The state of New Mexico collects income taxes on April 15th, much the way the IRS and 44 other states do.
• Lists basic New Mexico state tax information
• Links to the major New Mexico income tax forms
• Shows you how you can save time and money by e-filing
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Tax Rate Range: Low - 1.7%; High - 5.3% Income Brackets*: Lowest - $5,500; Highest - $16,00 Number of Brackets: 4 Personal Exemptions: Single - $3,300; Married - $6,600; Dependents - $3,300 Standard Deduction: Federal Amount Medical/Dental Deduction: Credit of 3% of unreimbursed prescription drug expenses to maximum of $150 per individual or $300 per return Federal Income Tax Deduction: None
Note:*The tax brackets reported are for single individuals. For married couples filing jointly, the same rates apply for income under $8,000 and over $100,000.
Filing your New Mexico state income tax return
In New Mexico, the filing status on your state return must to be the same as the filing status on your federal income tax return.
Similarly, you must maintain the same method of taking deductions from one return to the other. For instance, if you itemize your deductions on your federal return, you must also itemize on your state return.
New Mexico offers quite a few income tax credits to its taxpayers. A full list is available in the state income tax instruction booklet. The following is a list of the more common tax credits you may be eligible to claim.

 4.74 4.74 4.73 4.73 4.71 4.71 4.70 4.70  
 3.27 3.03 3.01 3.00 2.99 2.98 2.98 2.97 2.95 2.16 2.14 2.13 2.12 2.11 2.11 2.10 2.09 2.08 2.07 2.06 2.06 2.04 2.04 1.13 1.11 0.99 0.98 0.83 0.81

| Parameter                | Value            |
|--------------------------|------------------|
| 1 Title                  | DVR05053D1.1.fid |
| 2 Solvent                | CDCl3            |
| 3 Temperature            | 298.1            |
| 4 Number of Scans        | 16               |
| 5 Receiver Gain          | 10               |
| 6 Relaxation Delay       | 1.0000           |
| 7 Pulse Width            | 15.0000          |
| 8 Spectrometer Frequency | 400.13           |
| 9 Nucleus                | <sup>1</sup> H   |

• welfare to work program credit • rural job tax credit • taxes paid to another state
New Mexico allows a variety of tax deductions as well. Again, a full list is available in the tax instruction booklet, but a short list of common deductions can be found below.
• msa saving account • contributions to education trust board account • exemption for adopted or special needs children
Also, New Mexico offers a low-income tax rebate for those who meet specific requirements, among them that the taxpayer has a modified adjusted gross income of $22,000 or less.
Further tax relief is given to taxpayers older than 65 in the form of a tax deduction of $8,000 or low-income taxpayers in the form of a property tax rebate.
Since retirement income follows the recipient to the state of residency, any retirement benefits you receive, regardless of whether the source is outside of New Mexico is taxable to New Mexico if you are a resident.
In New Mexico, there are no special tax rates for capital gains. Since the New Mexico tax return is based on the adjusted gross income on the federal return, which already includes taxable capital gains, they are, by default, taxed at the same rate as the rest of your income.
However, there is a deduction of up to $1,000 on net capital gains. This is taken in PIT-ADJ Schedule.
Finally, remember that as a wage earner in New Mexico, you are required to file a state income tax return. This rule holds true for nonresidents as well as residents.